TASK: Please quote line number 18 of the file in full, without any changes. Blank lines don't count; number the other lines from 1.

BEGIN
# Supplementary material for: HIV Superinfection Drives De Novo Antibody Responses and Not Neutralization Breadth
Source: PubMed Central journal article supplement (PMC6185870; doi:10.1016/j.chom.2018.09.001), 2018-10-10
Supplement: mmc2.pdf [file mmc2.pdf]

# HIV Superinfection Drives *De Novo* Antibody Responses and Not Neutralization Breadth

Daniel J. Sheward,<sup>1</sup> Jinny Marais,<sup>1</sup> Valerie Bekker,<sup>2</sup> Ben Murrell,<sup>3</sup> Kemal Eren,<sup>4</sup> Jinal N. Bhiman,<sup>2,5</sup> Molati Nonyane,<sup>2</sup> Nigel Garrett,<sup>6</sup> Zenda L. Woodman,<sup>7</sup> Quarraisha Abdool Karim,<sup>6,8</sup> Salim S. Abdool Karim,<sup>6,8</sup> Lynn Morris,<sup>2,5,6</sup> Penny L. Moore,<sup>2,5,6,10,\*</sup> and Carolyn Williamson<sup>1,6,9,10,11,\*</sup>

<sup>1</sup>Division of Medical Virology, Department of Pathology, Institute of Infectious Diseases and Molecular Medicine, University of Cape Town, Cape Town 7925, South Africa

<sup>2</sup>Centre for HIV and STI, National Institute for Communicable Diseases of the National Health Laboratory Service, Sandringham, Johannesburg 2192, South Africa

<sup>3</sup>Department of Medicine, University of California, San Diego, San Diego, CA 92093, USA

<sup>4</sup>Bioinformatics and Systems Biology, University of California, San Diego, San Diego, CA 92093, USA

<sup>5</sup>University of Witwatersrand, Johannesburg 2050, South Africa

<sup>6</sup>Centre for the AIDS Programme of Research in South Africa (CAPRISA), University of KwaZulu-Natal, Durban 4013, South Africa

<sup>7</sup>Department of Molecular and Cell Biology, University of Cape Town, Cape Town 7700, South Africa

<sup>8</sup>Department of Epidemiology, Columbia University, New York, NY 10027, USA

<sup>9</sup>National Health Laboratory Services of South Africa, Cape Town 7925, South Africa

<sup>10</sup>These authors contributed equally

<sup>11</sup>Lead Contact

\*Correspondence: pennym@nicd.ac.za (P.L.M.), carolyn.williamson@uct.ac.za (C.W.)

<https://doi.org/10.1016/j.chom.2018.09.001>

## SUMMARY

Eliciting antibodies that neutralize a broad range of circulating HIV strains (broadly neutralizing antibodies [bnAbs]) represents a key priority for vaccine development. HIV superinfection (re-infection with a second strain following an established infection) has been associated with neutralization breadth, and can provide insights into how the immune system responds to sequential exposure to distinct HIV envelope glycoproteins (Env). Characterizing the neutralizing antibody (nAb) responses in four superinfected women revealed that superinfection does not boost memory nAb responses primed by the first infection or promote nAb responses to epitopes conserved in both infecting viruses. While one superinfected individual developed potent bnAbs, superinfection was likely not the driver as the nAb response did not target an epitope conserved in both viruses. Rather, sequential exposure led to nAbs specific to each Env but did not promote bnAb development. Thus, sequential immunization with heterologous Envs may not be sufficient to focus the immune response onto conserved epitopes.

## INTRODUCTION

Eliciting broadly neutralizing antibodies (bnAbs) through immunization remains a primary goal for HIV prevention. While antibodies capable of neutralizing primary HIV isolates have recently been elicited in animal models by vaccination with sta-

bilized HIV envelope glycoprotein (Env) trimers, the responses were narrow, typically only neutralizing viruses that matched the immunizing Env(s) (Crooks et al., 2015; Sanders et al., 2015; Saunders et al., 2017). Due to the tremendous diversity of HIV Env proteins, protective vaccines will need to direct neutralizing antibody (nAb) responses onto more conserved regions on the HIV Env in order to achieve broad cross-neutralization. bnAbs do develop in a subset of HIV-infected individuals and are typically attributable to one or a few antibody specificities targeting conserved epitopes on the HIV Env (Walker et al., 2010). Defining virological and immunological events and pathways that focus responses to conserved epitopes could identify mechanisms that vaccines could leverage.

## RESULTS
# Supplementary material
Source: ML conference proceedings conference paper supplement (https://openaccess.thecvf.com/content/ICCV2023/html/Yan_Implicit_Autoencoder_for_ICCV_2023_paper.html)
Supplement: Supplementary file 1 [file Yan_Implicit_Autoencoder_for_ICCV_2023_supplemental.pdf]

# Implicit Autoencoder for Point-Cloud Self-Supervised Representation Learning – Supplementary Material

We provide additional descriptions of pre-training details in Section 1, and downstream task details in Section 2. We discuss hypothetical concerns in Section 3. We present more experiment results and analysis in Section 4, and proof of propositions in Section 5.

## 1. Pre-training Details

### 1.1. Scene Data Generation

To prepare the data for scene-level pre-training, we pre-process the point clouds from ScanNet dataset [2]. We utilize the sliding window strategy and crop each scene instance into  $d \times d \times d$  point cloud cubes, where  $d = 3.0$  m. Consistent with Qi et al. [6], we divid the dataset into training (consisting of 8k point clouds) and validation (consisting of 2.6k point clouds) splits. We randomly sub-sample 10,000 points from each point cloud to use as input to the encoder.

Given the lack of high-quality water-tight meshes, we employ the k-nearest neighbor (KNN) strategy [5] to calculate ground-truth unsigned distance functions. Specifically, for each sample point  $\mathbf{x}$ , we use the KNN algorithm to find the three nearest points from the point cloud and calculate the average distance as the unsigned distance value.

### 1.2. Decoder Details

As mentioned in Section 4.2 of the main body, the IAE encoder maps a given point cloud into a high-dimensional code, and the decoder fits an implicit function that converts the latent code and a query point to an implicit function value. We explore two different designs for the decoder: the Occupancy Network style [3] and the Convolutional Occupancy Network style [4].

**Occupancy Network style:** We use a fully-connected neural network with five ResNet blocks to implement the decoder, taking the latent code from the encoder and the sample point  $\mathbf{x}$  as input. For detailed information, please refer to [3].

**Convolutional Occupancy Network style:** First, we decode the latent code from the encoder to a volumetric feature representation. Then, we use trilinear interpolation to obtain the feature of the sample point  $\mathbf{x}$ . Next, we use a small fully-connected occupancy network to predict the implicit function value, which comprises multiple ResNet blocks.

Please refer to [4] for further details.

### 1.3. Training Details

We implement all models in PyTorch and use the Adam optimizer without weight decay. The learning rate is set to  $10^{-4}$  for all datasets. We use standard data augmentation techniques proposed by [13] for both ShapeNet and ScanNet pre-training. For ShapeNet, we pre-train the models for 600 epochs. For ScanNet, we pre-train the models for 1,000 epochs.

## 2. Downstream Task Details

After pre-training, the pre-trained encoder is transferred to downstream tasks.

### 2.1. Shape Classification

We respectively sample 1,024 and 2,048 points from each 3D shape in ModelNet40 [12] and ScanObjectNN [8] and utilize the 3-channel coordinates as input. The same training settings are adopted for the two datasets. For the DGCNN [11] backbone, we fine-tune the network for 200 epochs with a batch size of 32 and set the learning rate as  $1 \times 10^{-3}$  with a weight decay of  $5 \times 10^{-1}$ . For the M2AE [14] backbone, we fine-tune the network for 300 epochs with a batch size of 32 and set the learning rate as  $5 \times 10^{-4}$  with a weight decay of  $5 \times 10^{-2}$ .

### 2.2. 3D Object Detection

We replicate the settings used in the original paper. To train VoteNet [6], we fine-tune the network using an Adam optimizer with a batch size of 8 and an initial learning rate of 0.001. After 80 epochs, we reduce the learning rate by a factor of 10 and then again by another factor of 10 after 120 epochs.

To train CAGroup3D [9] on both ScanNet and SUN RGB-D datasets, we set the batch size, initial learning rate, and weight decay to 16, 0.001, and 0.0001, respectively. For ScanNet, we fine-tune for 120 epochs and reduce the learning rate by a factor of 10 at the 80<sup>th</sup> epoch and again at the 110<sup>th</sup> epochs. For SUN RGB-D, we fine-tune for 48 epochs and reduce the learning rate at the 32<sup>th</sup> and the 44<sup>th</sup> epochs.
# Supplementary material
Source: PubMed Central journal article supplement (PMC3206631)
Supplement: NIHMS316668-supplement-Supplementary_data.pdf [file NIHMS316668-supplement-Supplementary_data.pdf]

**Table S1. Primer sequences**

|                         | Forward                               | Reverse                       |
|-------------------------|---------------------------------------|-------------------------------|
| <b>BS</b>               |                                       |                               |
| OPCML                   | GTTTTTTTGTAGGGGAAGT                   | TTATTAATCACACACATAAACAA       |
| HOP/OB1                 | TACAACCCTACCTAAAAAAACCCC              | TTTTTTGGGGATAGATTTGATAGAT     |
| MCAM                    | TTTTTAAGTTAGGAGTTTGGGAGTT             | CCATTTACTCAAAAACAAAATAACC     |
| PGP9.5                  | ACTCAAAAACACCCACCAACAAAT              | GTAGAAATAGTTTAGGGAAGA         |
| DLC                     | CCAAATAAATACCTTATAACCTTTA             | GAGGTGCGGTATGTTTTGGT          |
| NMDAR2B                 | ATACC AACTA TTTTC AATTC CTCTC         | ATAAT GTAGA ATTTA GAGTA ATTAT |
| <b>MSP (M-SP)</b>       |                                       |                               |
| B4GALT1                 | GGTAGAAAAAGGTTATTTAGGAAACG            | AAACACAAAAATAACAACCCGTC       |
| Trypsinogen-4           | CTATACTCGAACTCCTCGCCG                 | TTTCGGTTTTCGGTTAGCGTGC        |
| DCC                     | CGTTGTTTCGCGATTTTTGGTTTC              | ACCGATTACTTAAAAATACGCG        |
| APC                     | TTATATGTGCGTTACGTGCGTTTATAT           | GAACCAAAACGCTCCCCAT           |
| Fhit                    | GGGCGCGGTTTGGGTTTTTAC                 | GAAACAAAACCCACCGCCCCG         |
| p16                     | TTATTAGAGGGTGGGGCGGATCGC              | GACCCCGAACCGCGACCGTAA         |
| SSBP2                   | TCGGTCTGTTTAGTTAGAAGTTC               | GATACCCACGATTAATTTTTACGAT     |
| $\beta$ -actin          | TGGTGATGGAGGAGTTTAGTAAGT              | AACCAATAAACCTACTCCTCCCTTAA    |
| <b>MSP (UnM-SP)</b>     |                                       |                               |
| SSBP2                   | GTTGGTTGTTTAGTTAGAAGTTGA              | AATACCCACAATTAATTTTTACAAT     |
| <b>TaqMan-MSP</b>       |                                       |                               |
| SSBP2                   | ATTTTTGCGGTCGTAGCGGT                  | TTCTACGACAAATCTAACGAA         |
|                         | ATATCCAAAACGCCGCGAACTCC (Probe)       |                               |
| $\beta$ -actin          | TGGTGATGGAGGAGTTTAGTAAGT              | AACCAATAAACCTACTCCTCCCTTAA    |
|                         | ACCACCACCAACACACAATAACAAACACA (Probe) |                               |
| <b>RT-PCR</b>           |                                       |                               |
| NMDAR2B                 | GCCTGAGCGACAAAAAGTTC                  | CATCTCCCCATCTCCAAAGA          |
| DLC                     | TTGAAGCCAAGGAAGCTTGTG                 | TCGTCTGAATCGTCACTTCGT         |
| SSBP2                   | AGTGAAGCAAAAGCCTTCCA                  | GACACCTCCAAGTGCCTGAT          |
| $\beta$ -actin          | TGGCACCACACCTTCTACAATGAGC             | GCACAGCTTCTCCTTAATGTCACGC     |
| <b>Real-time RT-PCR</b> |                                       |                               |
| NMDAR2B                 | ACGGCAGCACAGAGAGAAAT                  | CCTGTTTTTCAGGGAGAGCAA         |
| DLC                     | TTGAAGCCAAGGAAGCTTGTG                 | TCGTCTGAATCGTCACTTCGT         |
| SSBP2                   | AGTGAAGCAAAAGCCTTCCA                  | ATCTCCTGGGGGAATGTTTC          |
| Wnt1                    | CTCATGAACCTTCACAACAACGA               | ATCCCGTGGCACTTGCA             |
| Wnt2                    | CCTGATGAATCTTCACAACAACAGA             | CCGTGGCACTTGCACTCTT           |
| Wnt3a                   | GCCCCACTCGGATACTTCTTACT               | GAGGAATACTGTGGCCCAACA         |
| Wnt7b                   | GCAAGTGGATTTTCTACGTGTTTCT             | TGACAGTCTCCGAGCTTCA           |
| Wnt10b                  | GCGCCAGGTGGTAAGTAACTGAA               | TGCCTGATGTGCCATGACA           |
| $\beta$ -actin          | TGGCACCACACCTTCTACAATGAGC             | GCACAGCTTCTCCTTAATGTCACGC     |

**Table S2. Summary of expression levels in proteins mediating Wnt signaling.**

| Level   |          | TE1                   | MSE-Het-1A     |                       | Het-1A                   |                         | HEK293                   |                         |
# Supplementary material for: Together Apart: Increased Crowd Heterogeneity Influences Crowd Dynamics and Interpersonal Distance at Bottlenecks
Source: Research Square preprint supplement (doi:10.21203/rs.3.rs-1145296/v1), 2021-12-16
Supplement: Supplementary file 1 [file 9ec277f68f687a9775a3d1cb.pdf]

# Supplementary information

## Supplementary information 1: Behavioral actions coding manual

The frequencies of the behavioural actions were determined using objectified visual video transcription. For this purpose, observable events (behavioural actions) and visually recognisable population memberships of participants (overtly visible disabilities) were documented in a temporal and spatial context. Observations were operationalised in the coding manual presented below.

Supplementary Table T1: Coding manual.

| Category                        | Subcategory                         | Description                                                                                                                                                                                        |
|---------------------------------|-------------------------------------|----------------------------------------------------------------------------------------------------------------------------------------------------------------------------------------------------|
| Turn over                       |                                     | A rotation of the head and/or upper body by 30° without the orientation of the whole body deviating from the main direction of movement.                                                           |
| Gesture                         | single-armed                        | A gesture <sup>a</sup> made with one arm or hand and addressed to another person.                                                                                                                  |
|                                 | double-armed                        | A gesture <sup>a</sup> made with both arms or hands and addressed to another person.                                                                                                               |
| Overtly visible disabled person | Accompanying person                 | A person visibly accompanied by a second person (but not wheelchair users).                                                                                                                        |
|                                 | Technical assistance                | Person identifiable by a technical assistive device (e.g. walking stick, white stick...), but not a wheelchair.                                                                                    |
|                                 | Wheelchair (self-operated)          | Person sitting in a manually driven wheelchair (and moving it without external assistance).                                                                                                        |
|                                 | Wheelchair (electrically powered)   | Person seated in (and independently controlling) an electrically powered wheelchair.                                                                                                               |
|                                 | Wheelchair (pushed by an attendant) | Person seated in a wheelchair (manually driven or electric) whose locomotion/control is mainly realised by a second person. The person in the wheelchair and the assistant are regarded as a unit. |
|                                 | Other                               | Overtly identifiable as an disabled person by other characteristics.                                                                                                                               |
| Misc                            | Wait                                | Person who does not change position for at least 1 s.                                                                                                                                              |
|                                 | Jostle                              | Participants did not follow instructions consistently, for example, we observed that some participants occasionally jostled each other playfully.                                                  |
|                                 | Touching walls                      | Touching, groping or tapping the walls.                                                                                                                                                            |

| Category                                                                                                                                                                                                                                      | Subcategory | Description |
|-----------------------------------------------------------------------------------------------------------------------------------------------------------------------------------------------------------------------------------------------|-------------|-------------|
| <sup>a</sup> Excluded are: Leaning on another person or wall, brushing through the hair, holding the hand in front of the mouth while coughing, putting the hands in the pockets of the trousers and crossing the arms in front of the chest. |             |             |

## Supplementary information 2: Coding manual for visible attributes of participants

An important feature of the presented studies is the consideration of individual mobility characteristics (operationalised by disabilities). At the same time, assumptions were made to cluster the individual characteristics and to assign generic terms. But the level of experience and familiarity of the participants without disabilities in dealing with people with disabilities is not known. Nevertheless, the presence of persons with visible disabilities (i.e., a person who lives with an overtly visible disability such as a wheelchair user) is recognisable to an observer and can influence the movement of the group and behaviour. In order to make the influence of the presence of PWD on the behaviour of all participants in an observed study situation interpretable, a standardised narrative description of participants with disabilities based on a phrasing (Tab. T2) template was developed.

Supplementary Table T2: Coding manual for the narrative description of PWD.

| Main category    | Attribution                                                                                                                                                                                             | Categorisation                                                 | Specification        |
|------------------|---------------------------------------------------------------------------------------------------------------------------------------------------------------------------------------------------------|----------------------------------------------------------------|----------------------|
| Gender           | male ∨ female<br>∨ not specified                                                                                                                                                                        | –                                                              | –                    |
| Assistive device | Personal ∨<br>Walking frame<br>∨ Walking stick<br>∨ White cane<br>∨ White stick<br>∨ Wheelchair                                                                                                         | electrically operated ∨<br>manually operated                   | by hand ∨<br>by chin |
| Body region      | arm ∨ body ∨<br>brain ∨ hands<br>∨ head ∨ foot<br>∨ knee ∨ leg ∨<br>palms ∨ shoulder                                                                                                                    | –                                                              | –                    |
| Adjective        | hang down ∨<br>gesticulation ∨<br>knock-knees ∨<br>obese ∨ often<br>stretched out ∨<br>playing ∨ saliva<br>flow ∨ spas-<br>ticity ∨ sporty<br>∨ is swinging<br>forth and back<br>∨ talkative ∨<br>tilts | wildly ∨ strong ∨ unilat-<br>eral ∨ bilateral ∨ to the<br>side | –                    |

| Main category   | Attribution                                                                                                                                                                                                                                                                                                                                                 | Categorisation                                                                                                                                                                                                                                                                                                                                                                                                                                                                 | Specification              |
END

<https://doi.org/10.1016/j.chom.2018.09.001>